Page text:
Dear brothers and sisters, good morning!
We have reached the end of the catechesis on the Letter to the Galatians. We could have reflected on so much other content contained in this writing of Saint Paul! The Word of God is an inexhaustible font. And in this letter, the Apostle has spoken to us as an evangelizer, as a theologian and as a pastor.
The holy bishop Ignatius of Antioch used a beautiful expression when he wrote: “There is then one Teacher, who spoke and it was done; while even those things which He did in silence are worthy of the Father. He who possesses the word of Jesus, is truly able to hear even His very silence” (To the Ephesians, 15, 1-2). We can say that the apostle Paul was capable of giving voice to this silence of God. His most original intuitions help us discover the shocking newness contained in the revelation of Jesus Christ. He was a true theologian who contemplated the mystery of Christ and transmitted it with his creative intelligence. And he was also capable of exercising his pastoral mission towards a lost and confused community.
He did this with different methods: from time to time he used irony, firmness, gentleness…. He revealed his own authority as an apostle, but at the same time he did not hide the weaknesses of his character. The strength of the Spirit had truly entered his heart: his meeting with the Risen Christ conquered and transformed his entire life, and he spent it entirely at the service of the Gospel. This is Paul.
Paul never conceived of Christianity in peaceful terms, lacking bite and force—on the contrary. With such passion he defended the freedom Christ brought that it stills moves us today, especially if we think of the suffering and loneliness he must have endured. He was convinced that he had received a call to which he alone could respond; and he wanted to explain to the Galatians that they too were called to that freedom which liberated them from every form of slavery because it made them heirs of the ancient promise and, in Christ, children of God.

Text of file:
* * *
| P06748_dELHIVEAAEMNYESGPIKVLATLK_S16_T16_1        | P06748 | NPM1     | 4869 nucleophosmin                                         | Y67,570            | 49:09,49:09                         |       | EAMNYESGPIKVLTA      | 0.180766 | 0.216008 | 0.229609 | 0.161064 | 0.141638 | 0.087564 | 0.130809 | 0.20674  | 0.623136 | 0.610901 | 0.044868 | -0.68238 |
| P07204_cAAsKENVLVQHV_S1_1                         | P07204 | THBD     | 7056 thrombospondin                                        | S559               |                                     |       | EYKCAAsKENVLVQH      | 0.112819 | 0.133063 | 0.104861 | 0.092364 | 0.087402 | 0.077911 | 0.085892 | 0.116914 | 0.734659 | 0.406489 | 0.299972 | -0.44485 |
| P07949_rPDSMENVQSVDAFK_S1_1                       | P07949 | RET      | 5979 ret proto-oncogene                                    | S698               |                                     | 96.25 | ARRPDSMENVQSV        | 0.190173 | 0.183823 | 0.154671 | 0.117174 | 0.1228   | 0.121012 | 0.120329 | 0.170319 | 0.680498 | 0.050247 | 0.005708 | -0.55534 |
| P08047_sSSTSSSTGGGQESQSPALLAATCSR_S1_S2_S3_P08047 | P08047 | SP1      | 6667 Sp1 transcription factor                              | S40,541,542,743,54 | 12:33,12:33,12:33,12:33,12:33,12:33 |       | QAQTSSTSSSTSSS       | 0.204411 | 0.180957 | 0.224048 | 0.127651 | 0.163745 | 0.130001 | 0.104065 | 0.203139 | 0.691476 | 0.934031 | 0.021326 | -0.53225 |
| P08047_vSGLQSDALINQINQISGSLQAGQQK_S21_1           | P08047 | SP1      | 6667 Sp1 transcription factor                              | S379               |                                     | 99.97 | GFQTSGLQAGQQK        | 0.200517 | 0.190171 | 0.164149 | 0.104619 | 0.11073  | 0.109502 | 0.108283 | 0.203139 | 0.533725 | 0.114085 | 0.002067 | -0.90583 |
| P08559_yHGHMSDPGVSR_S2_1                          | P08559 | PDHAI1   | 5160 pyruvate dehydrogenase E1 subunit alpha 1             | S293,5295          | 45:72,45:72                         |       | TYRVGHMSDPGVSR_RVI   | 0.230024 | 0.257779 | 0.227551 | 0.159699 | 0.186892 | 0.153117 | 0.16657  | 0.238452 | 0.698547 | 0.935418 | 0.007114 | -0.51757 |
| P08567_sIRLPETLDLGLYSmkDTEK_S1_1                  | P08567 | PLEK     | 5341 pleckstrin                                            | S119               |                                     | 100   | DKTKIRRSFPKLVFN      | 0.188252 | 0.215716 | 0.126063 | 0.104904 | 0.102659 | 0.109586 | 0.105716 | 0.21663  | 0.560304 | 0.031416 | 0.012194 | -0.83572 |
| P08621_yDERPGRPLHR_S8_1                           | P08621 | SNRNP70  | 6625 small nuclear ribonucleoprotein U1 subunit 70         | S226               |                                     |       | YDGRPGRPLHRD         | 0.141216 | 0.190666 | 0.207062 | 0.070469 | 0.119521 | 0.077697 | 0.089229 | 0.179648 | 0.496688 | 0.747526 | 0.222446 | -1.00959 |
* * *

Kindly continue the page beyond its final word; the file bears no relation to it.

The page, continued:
And aware of the risks that this concept of freedom brought, he never minimized the consequences. He was aware of the risks that Christian freedom brought. But he did not minimize the consequences. With parrhesia, that is, courageously, he repeated to the believers that freedom is in no way equal to debauchery, nor does it lead to forms of presumptuous self-sufficiency.
Rather, Paul placed freedom in love’s shadow and based its consistent exercise on the service of charity. This entire vision was set within the panorama of a life according to the Holy Spirit that brings to fulfillment the Law given by God to Israel and prevents falling back into the slavery of sin. But the temptation is always to go backward, right? One definition of Christians found in the Scripture says that we Christians are not the type of people who go backward, who turn back. This is a beautiful definition. And the temptation is to turn back to be more secure. And in this case, to turn back to the Law, disregarding the new life of the Spirit. This is what Paul teaches us: the fulfillment of the true Law is found in this life of the Spirit given to us by Jesus. And this life of the Spirit can only be lived in freedom. Christian freedom. This is one of the most beautiful things, most beautiful.